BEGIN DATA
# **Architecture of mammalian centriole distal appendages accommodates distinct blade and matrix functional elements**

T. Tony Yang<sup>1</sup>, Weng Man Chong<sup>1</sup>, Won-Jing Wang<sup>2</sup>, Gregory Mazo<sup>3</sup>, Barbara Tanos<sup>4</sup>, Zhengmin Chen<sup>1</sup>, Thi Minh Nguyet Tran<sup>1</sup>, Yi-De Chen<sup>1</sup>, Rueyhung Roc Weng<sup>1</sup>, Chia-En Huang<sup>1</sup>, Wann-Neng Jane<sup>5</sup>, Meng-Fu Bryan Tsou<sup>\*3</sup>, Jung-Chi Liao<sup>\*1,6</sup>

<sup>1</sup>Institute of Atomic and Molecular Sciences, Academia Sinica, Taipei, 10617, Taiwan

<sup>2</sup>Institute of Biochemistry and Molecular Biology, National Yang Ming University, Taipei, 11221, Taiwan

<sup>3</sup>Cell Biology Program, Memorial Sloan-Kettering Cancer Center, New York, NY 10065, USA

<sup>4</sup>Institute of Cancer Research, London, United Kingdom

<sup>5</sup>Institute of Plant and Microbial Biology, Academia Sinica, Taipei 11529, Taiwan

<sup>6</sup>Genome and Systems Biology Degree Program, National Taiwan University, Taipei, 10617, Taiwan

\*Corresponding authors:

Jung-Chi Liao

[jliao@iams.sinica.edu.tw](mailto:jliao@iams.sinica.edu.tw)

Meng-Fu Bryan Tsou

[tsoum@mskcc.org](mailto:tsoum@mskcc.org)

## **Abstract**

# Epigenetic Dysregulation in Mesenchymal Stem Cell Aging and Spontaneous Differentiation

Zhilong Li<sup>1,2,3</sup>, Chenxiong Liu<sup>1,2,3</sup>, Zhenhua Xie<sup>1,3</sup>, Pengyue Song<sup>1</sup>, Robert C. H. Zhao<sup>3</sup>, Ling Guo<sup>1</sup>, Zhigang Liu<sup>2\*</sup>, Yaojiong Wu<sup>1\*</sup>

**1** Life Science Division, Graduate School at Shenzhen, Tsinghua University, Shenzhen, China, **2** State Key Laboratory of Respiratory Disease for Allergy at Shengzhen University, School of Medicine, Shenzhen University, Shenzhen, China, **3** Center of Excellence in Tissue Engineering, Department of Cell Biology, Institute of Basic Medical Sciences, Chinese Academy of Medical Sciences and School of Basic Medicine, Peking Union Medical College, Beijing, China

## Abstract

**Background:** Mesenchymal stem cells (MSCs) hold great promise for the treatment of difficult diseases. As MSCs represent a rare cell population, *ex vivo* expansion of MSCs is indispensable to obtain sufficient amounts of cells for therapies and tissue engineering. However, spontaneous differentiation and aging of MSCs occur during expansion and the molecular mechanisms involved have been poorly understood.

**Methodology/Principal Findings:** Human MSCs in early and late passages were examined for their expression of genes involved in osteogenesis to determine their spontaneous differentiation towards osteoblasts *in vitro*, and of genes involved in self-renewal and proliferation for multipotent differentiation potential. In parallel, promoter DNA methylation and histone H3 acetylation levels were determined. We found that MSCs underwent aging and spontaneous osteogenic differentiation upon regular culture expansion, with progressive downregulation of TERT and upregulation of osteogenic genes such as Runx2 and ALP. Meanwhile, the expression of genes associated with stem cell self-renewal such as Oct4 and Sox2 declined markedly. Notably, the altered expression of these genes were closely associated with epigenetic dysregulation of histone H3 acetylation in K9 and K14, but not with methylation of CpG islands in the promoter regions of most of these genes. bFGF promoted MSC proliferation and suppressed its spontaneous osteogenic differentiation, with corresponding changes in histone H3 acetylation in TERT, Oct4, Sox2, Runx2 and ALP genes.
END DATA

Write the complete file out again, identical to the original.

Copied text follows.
# **Architecture of mammalian centriole distal appendages accommodates distinct blade and matrix functional elements**

T. Tony Yang<sup>1</sup>, Weng Man Chong<sup>1</sup>, Won-Jing Wang<sup>2</sup>, Gregory Mazo<sup>3</sup>, Barbara Tanos<sup>4</sup>, Zhengmin Chen<sup>1</sup>, Thi Minh Nguyet Tran<sup>1</sup>, Yi-De Chen<sup>1</sup>, Rueyhung Roc Weng<sup>1</sup>, Chia-En Huang<sup>1</sup>, Wann-Neng Jane<sup>5</sup>, Meng-Fu Bryan Tsou<sup>\*3</sup>, Jung-Chi Liao<sup>\*1,6</sup>

<sup>1</sup>Institute of Atomic and Molecular Sciences, Academia Sinica, Taipei, 10617, Taiwan

<sup>2</sup>Institute of Biochemistry and Molecular Biology, National Yang Ming University, Taipei, 11221, Taiwan

<sup>3</sup>Cell Biology Program, Memorial Sloan-Kettering Cancer Center, New York, NY 10065, USA

<sup>4</sup>Institute of Cancer Research, London, United Kingdom

<sup>5</sup>Institute of Plant and Microbial Biology, Academia Sinica, Taipei 11529, Taiwan

<sup>6</sup>Genome and Systems Biology Degree Program, National Taiwan University, Taipei, 10617, Taiwan

\*Corresponding authors:

Jung-Chi Liao

[jliao@iams.sinica.edu.tw](mailto:jliao@iams.sinica.edu.tw)

Meng-Fu Bryan Tsou

[tsoum@mskcc.org](mailto:tsoum@mskcc.org)

## **Abstract**

# Epigenetic Dysregulation in Mesenchymal Stem Cell Aging and Spontaneous Differentiation

Zhilong Li<sup>1,2,3</sup>, Chenxiong Liu<sup>1,2,3</sup>, Zhenhua Xie<sup>1,3</sup>, Pengyue Song<sup>1</sup>, Robert C. H. Zhao<sup>3</sup>, Ling Guo<sup>1</sup>, Zhigang Liu<sup>2\*</sup>, Yaojiong Wu<sup>1\*</sup>

**1** Life Science Division, Graduate School at Shenzhen, Tsinghua University, Shenzhen, China, **2** State Key Laboratory of Respiratory Disease for Allergy at Shengzhen University, School of Medicine, Shenzhen University, Shenzhen, China, **3** Center of Excellence in Tissue Engineering, Department of Cell Biology, Institute of Basic Medical Sciences, Chinese Academy of Medical Sciences and School of Basic Medicine, Peking Union Medical College, Beijing, China

## Abstract

**Background:** Mesenchymal stem cells (MSCs) hold great promise for the treatment of difficult diseases. As MSCs represent a rare cell population, *ex vivo* expansion of MSCs is indispensable to obtain sufficient amounts of cells for therapies and tissue engineering. However, spontaneous differentiation and aging of MSCs occur during expansion and the molecular mechanisms involved have been poorly understood.

**Methodology/Principal Findings:** Human MSCs in early and late passages were examined for their expression of genes involved in osteogenesis to determine their spontaneous differentiation towards osteoblasts *in vitro*, and of genes involved in self-renewal and proliferation for multipotent differentiation potential. In parallel, promoter DNA methylation and histone H3 acetylation levels were determined. We found that MSCs underwent aging and spontaneous osteogenic differentiation upon regular culture expansion, with progressive downregulation of TERT and upregulation of osteogenic genes such as Runx2 and ALP. Meanwhile, the expression of genes associated with stem cell self-renewal such as Oct4 and Sox2 declined markedly. Notably, the altered expression of these genes were closely associated with epigenetic dysregulation of histone H3 acetylation in K9 and K14, but not with methylation of CpG islands in the promoter regions of most of these genes. bFGF promoted MSC proliferation and suppressed its spontaneous osteogenic differentiation, with corresponding changes in histone H3 acetylation in TERT, Oct4, Sox2, Runx2 and ALP genes.